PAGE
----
By Michael Brandow, $18; Beacon Press; 288 pages
The cur at the corner of your couch is one of the best dogs you've ever had.
He's smart, he's friendly, and he loves the kids. Ever since he was a puppy, he's been scrupulously clean, inside and out. He watches over you, he makes you laugh, and you can't imagine life without him.
So what kind of dog is he? The answer is complicated, as you'll see in A Matter of Breeding, by Michael Brandow.
Like most Manhattan-based dog walkers, Michael Brandow met plenty of pooches. He was paid to walk them, play with them, and help them burn energyand in the meantime, he saw canine fads come and go.
A number of years ago, Brandow walked a lot of Jack Russell terriers. Then he saw scads of Shiba Inus, beagles, Frenchies, each "dog du jour" replaced by another in short order, each with a different "standard" for their breed. But those physical traits weren't always in the dogs' "own best interests," though they're mandatory in the show ring. Measurements, coat color, head size, paw shape, they're all required for purebred dogseven when genetics and health demand otherwise.
It didn't begin that way, says Brandow; in fact, "breeds as we know them are… new inventions…" Dogs used to be just dogs and if a mutt could do a job, that was fine because they were all mutts anyhow.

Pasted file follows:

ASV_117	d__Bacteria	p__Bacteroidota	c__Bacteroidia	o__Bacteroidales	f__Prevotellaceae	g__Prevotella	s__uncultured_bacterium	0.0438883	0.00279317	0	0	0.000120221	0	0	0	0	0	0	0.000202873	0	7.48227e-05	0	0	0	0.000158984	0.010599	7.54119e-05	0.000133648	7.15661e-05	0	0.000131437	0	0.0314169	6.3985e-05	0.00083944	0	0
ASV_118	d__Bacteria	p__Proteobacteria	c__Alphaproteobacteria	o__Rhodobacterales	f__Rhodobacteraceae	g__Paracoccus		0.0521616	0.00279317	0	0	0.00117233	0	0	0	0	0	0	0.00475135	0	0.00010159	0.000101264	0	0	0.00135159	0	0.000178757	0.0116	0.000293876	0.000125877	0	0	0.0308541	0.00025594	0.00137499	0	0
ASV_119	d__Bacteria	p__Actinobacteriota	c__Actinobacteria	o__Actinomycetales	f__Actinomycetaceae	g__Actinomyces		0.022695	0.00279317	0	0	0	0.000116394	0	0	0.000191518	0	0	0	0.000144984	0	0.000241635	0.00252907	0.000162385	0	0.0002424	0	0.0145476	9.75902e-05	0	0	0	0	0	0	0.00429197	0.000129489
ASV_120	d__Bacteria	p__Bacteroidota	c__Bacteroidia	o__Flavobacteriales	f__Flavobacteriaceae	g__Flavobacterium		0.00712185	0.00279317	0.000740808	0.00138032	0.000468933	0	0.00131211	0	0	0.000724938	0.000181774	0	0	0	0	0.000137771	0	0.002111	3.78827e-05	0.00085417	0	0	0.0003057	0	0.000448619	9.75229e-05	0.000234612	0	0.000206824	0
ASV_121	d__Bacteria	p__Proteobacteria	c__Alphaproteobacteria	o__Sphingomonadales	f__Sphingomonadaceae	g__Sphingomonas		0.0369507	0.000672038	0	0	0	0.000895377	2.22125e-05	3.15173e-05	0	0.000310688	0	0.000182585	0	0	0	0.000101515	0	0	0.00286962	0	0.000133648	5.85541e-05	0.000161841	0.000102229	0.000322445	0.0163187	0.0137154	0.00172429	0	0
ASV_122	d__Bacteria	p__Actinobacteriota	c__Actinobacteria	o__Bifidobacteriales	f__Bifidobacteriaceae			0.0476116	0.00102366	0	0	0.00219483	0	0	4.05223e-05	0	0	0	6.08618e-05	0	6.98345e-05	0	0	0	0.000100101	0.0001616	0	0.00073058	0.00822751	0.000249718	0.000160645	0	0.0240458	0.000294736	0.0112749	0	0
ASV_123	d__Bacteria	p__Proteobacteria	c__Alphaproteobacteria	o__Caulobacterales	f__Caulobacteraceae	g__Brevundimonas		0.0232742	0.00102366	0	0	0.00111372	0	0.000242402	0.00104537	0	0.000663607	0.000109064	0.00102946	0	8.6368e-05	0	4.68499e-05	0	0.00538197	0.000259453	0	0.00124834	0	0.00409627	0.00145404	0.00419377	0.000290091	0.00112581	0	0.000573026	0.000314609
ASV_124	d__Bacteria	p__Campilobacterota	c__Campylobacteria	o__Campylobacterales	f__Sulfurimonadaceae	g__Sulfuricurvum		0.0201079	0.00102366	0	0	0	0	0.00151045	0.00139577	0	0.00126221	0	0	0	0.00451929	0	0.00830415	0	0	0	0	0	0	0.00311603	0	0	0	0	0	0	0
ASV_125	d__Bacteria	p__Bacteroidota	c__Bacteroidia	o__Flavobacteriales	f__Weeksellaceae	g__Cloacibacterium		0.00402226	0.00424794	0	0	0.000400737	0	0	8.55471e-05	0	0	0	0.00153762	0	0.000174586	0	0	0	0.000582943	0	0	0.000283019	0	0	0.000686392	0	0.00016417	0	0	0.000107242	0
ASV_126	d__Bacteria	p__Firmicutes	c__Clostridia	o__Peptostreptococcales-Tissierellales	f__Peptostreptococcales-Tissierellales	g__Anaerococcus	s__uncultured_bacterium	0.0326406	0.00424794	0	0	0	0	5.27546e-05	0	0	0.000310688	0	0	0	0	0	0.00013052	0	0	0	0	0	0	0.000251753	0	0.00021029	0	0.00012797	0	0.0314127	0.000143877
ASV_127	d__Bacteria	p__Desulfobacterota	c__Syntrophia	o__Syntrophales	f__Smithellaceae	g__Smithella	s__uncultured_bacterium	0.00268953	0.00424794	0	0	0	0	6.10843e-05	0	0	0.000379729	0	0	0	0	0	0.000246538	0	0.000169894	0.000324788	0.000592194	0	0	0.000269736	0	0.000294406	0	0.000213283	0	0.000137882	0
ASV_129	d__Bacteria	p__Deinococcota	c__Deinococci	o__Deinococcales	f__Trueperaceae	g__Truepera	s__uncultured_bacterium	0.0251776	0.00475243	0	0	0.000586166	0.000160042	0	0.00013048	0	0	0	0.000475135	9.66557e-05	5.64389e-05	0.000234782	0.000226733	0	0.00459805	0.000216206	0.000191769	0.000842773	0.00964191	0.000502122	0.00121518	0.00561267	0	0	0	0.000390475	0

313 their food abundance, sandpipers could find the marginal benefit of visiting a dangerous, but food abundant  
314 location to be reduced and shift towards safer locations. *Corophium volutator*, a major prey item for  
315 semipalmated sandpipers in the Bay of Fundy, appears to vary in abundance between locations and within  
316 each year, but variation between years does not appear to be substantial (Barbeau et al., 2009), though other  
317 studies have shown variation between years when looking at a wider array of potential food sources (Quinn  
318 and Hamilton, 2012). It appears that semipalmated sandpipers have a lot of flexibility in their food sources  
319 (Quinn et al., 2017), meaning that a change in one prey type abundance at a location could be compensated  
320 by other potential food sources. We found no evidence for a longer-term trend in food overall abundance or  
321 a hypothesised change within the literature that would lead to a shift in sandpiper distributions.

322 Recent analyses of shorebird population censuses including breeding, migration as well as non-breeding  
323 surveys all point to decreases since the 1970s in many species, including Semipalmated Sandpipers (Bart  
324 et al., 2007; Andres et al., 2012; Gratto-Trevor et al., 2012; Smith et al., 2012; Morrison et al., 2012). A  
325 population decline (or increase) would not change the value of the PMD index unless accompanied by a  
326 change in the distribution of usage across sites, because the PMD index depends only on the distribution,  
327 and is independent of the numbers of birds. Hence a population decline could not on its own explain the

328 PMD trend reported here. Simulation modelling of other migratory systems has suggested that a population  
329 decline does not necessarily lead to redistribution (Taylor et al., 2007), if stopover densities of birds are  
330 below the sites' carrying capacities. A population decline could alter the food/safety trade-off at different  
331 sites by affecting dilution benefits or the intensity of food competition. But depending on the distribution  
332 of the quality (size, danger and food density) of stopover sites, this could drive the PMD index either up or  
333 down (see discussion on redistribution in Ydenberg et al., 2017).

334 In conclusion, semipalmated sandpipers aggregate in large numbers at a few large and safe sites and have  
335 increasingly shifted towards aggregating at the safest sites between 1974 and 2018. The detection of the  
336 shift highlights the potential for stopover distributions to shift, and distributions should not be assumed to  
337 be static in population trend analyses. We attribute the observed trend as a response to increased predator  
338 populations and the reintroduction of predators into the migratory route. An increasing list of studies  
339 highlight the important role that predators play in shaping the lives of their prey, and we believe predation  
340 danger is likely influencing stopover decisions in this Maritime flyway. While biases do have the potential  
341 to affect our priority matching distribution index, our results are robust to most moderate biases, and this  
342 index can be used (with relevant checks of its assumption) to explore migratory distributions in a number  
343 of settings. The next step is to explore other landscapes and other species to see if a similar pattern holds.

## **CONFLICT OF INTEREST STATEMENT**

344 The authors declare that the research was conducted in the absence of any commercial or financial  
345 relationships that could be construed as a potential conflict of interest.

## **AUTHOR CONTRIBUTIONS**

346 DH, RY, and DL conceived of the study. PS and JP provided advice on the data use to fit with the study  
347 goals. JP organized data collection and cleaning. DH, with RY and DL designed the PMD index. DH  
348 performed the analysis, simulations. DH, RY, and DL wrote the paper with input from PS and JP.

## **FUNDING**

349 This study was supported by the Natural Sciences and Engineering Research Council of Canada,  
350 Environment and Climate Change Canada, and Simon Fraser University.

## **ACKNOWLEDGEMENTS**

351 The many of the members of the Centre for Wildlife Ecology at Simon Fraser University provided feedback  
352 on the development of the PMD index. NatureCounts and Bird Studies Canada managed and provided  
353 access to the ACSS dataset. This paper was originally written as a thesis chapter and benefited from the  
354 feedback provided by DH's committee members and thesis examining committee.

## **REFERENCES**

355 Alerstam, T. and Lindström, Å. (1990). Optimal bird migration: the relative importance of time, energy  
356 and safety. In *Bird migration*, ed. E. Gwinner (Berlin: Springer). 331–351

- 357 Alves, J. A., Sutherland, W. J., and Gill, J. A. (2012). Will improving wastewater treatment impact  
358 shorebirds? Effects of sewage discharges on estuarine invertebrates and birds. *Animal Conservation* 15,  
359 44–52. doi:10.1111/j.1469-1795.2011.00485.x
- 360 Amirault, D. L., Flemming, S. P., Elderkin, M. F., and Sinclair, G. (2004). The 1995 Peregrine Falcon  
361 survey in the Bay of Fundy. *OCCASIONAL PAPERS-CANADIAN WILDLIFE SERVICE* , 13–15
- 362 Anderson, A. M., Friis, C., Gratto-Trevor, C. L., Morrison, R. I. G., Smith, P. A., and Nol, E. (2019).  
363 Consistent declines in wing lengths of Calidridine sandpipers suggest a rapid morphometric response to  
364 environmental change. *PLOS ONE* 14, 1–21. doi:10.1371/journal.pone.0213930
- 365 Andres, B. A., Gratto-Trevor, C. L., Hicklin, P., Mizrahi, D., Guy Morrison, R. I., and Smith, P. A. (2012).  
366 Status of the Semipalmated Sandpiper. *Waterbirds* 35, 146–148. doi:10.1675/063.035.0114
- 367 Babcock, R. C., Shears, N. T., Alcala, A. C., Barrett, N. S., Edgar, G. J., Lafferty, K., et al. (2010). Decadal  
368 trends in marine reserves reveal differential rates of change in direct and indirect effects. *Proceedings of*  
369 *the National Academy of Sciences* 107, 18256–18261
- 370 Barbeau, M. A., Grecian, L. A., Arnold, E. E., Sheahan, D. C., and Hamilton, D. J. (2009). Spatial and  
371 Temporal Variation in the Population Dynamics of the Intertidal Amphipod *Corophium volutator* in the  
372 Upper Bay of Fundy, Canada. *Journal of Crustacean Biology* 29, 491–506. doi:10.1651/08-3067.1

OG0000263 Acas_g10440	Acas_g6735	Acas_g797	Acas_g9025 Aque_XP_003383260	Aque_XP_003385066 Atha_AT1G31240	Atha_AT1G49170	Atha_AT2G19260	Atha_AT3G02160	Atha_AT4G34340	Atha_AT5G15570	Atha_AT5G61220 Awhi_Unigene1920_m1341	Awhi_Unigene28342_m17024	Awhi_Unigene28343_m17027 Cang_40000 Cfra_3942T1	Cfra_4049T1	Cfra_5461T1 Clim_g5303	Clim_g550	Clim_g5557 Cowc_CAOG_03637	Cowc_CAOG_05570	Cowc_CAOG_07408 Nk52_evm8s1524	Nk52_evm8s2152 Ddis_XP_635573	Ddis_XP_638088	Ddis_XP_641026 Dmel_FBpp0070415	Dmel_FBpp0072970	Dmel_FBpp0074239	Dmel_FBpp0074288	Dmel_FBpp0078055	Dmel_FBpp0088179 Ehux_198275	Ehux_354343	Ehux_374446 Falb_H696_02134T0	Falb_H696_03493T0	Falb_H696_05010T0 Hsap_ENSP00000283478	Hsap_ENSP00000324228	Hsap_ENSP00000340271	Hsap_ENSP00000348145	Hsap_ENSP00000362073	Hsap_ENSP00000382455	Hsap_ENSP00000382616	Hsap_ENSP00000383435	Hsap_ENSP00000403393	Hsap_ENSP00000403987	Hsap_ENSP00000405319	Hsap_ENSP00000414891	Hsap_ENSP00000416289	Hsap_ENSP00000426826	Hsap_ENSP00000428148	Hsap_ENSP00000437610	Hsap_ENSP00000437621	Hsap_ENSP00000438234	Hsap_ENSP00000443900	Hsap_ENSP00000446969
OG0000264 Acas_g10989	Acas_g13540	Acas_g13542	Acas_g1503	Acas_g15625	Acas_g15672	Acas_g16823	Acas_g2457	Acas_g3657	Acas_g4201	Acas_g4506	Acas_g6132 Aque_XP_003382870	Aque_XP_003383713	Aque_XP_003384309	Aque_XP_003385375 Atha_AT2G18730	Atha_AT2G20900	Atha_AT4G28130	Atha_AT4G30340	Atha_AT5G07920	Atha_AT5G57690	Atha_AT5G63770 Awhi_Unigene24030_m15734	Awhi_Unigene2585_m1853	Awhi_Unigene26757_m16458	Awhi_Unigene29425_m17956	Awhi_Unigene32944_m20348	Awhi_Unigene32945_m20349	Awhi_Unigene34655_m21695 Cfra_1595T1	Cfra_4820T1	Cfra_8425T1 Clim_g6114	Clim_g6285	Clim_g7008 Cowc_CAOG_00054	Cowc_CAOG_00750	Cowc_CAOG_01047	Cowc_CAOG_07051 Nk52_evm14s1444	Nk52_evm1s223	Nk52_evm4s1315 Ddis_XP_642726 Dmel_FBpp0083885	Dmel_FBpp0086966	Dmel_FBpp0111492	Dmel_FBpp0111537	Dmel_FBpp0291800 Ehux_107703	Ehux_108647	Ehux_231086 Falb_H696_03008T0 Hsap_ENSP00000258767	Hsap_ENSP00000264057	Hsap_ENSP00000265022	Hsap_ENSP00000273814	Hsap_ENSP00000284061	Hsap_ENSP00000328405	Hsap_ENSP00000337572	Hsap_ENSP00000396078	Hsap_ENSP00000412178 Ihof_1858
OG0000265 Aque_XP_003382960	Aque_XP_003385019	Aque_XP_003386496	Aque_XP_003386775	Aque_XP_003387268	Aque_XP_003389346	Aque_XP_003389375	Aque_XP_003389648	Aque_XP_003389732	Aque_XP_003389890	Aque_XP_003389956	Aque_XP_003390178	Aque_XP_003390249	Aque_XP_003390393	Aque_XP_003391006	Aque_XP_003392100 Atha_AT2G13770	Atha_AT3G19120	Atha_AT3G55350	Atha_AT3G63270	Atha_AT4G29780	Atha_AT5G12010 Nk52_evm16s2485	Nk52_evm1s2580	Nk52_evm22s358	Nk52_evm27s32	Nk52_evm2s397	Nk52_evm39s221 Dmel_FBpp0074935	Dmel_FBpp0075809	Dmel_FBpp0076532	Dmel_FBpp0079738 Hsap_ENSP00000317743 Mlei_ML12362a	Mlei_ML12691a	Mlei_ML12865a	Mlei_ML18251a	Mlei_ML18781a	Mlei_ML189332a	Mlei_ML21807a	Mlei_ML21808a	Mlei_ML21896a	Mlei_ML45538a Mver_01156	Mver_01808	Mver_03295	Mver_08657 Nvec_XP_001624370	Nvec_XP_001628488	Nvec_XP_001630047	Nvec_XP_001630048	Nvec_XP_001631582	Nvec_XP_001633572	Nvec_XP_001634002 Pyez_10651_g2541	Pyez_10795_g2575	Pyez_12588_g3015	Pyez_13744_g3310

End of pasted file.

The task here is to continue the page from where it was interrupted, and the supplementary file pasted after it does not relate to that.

But then dogs became status symbols, complete with individual breed clubs and fusses over curly tails versus high tails, and black coats instead of brindles. The British initially set those pesky standards, a sort of class war raged in England and North America, the aristocracy spoke up, the pedigree industry "showed an uncanny ability" to make certain dogs fashionable, and dogdom was never the same.
But the dirty little secret? Purebred dogs are hardly that; most were mongrel-bred at some point in their ancestry. Says Brandow, of your dog and his, "… they're all mutts at the end of the day."
When you bring a dog home with you, you naturally expect to have many happy years with him. Here, LGBT author Brandow sounds the alarm: happy years might not be possible.
For a dog lover, that's horrifying, as is this: purebred Bulldogs have major, human-made health issues. The low-slung look of modern German Shepherds isn't natural. Docking tails and cutting ears is almost never necessary. That made me cringe, though Brandow explains how those cosmetic issues are increasingly being rejected.
But A Matter of Breeding isn't just informative; it's also an outraged rant against dog shows, the pedigree industry, breeders, and owners of purebred dogs. Eventually, it feels incessant, and that tends to overwhelm and even numb a reader. It also can detract from the books' main point.
And yet, though it's not easy reading, I do think this book is worthwhile. Just beware: It could start a few arguments, too. Depending on where you sit, with mutt or unmix, your side in A Matter of Breeding could land someone in the doghouse.
Want more? Look for Woof! A Gay Man's Guide to Dogs, by Andrew DePrisco and Jason O'Malley; or Paws and Reflect, by Neil Plakcy and Sharon Sakson.